CF sufferers are brave.
They have had to be.
Especially the ones who live here on this damp rock on the edge of the Atlantic, whose harsh rains and erratic dampnesses combine to create an environment that is a polar opposite to a climate which is optimum.
Every day brings a challenge that is unknown to most of us. Risks with the weather that most can all take sans souci are ones that have to be more carefully consoiered and avoided by people with CF.
But it’s more than just the weather.
Already Ireland has the highest incidence of CF in the world.
So you would think that we would go out of our way to have the most reason to treat this disease, to allow sufferers feel that they are not second class citizens, and not abandoned, not because of a lack of hope about their condition, but because of a lack of funds.
And then there is the bureaucracy.
The poorly-staffed CF centres.
The lack of CF centres.
The inherent unfairness of it all has often left CF sufferers alone and isolated and vulnerable.
It was bordering on horrific to imagine that they have had to go through months and months of thinking that their country would abandon them in this hour of need. That their condition might be deemed just too damned expensive to treat.
That they would not be given the same chance as citizens of other countries, that they would live their lives, frightened at the prospect of being pawns in a game of medico-legal commerce.
As I write this now in a local hostelry, a CF sufferer sits at the table opposite me, engrossed in the news that from May 1, the cystic fibrosis (CF ) drugs Orkambi and Kalydeco will be made available to people with the condition. Health Minister Simon Harris announced in the Dáil on Tuesday that the HSE and Vertex Pharmaceuticals had reached an agreement in principle on commercial terms for the supply of the drugs to Irish patients.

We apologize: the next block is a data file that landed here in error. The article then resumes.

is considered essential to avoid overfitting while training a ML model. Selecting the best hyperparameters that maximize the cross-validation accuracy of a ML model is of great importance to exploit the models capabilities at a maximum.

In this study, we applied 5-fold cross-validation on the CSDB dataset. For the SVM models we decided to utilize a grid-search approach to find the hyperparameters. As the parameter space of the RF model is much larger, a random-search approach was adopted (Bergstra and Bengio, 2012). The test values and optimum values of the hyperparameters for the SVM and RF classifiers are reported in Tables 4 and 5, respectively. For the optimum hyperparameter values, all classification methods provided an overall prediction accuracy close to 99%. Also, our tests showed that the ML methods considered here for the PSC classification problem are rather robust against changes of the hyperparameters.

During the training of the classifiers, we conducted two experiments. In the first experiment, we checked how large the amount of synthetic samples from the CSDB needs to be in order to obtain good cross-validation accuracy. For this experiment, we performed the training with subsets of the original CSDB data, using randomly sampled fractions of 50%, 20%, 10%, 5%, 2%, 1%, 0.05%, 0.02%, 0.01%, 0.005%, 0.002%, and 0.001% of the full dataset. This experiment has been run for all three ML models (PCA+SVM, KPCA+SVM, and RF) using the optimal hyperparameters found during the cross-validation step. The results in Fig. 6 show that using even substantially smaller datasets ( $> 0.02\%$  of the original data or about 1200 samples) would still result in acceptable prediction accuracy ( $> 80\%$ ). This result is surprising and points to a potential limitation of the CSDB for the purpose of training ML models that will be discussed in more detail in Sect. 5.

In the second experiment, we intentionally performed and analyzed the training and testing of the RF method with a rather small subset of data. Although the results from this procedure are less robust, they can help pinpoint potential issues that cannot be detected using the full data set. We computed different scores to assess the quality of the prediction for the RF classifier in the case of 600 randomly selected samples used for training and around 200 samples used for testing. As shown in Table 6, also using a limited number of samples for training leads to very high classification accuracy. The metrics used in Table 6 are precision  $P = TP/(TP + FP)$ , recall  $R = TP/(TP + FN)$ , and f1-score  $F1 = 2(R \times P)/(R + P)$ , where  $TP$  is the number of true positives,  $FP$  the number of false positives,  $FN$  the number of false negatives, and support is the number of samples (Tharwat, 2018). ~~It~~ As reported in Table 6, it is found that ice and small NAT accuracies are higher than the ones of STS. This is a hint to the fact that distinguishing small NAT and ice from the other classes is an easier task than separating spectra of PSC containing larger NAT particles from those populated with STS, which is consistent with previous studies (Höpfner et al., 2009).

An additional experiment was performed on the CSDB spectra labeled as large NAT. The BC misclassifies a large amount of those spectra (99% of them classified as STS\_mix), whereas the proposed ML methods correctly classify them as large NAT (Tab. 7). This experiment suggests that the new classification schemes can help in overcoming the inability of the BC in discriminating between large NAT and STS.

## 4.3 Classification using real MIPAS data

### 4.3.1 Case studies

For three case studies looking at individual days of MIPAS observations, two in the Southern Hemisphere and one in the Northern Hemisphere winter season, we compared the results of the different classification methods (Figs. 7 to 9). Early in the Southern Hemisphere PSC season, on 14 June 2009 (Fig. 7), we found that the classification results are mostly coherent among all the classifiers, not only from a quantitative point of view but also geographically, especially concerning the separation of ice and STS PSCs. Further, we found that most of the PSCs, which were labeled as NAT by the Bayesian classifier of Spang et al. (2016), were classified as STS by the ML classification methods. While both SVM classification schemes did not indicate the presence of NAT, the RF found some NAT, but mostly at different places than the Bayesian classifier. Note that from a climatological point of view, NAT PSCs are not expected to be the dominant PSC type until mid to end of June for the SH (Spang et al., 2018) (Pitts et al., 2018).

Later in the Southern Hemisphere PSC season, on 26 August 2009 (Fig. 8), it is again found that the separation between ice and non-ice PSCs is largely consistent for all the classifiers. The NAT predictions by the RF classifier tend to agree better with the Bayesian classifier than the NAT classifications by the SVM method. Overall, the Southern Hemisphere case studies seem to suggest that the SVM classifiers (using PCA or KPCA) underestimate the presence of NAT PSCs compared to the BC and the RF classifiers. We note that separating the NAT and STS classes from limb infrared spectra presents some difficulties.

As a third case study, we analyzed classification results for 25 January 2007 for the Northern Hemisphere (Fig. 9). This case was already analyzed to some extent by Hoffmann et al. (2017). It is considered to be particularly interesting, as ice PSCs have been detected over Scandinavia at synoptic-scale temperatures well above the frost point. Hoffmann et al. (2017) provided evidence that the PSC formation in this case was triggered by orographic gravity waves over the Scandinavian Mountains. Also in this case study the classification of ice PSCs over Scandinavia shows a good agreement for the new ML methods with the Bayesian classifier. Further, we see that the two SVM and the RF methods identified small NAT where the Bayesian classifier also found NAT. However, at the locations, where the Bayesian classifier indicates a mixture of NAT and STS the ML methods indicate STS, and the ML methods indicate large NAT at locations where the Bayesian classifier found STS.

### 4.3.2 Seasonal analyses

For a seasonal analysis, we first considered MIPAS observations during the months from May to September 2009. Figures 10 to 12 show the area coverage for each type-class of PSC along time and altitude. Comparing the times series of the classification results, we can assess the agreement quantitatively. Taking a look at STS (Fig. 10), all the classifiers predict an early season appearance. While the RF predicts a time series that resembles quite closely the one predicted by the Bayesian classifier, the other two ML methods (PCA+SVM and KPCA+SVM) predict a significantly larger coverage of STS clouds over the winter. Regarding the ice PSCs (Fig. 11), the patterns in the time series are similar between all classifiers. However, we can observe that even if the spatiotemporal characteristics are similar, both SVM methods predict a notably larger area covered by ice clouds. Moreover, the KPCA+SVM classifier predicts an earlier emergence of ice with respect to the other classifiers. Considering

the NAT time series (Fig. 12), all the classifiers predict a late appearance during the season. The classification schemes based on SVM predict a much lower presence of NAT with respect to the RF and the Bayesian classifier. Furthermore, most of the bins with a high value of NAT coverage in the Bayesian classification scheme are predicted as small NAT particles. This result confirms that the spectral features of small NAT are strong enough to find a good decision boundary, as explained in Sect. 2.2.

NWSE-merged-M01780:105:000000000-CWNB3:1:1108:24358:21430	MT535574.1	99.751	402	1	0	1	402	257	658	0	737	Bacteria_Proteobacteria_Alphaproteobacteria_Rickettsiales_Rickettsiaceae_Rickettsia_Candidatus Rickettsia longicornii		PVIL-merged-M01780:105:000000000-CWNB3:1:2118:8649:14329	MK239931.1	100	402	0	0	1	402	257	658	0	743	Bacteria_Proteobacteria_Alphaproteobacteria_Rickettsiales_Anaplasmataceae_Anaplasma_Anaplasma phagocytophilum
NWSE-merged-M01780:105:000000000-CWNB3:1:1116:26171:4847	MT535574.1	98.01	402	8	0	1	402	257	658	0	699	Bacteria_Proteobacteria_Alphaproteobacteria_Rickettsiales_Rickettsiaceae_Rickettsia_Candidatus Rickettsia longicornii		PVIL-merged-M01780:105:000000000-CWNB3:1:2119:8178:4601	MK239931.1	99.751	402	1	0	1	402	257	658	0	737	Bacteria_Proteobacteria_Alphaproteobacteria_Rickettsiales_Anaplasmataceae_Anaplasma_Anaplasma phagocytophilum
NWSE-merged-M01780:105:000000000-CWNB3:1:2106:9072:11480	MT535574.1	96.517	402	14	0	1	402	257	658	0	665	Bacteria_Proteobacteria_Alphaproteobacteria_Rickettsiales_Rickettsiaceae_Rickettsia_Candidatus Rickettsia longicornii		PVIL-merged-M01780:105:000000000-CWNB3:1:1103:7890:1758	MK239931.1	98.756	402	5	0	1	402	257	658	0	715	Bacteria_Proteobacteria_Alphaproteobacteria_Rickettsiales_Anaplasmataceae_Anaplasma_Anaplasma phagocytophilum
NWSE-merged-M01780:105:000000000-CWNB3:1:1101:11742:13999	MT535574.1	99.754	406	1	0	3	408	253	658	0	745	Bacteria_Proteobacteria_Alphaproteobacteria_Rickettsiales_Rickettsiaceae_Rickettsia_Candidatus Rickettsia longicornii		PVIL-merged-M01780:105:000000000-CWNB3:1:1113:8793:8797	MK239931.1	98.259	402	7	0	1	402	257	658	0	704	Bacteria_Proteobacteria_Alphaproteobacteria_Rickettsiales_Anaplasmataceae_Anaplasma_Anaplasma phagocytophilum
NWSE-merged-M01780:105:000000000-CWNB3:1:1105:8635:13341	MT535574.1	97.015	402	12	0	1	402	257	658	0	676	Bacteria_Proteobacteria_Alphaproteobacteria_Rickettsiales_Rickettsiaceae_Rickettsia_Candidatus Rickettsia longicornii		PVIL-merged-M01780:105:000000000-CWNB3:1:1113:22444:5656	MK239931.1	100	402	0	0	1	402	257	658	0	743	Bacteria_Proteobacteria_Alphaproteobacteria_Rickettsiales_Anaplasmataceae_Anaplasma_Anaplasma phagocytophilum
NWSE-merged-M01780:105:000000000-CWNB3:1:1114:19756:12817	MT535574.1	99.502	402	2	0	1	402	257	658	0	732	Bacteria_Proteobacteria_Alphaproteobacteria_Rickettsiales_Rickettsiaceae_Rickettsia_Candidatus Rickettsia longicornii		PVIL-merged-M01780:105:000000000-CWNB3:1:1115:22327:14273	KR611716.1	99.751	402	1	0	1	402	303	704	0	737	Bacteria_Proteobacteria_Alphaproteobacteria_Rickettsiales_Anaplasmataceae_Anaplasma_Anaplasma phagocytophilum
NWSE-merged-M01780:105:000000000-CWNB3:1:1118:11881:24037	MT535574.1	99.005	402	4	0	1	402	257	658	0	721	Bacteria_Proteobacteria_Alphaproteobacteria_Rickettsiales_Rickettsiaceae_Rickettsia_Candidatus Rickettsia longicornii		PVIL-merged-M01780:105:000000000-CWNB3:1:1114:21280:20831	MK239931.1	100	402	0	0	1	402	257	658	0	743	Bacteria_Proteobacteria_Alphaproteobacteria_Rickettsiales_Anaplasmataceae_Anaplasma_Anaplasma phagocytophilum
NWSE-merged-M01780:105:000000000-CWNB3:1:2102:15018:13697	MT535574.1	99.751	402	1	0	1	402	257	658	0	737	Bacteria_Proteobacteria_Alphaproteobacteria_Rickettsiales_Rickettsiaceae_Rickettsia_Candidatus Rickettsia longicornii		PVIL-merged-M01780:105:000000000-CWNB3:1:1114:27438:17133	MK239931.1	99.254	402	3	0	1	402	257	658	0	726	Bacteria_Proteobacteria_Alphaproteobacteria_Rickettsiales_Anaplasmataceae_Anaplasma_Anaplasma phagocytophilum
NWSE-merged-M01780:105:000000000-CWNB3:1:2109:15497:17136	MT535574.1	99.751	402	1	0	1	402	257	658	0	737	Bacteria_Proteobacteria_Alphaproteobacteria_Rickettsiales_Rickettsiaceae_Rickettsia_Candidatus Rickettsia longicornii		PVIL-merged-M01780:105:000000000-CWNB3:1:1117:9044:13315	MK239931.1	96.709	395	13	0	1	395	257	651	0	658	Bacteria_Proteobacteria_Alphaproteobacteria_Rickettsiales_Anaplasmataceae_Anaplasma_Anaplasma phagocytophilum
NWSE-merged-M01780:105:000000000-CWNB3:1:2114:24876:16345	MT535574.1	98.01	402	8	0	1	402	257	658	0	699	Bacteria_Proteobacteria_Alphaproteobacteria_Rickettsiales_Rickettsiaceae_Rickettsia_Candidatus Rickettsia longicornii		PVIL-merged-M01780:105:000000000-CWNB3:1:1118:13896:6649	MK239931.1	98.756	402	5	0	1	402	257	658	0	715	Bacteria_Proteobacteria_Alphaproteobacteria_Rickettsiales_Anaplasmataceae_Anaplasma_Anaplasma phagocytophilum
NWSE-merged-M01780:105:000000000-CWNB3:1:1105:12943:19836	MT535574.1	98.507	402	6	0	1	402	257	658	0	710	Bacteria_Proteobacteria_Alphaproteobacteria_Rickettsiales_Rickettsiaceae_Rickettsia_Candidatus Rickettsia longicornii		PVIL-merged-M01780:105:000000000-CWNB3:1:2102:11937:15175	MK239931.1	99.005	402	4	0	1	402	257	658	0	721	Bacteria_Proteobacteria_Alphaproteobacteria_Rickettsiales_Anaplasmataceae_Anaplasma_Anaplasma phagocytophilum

This young man has often spoken about what Orkambi will mean to his life and to the life of his fellow sufferers. There is a renewed energy about him today at the news.
He has known the constant hospitalisation, the disruption to his work and studies, the fear that the lack of these drugs brings.
The fear that his country may refuse to buy Orkambi.
CF is an inherited chronic disease that affects the lungs and digestive system of about 1,200 children and adults in Ireland. A defective gene and its protein product cause the body to produce unusually thick, sticky, mucus that clogs the lungs and leads to life-threatening lung infections and obstructs the pancreas and stops natural enzymes from helping the body break down and absorb food.
Orkambi and Kalydeco improve the quality of life for CF patients by improving lung function and reducing hospitalisations by up to 40 per cent. Approximately 600 (550 for Orkambi alone ) Irish patients will benefit from the drugs.
There are many people, locally even, for whom this week’s announcement has come too late. There are people who have passed away whose chances would have been improved significantly if they had access to Orkambi.
While the cost of the drug was the prevailing factor that prevented a deal for so long, there is a school of thought that the cost of it, in the region of €100 million may be offset by the avoidance of long term hospital stays.
It will also allow the CF sufferer to go to work, to attend college, to enjoy a full life, and to stay out of a hospital bed which is then freed up for somebody else.
Thse are all factors that are undoubtedly considered by the Minister as he concludes negotiations with Vertex this week.
But the main factor was that at the end of it all, we are making sure that CF sufferers will feel they have the same shot at life as the rest of us — and at the end of the day, that is what the role of the State is meant to be.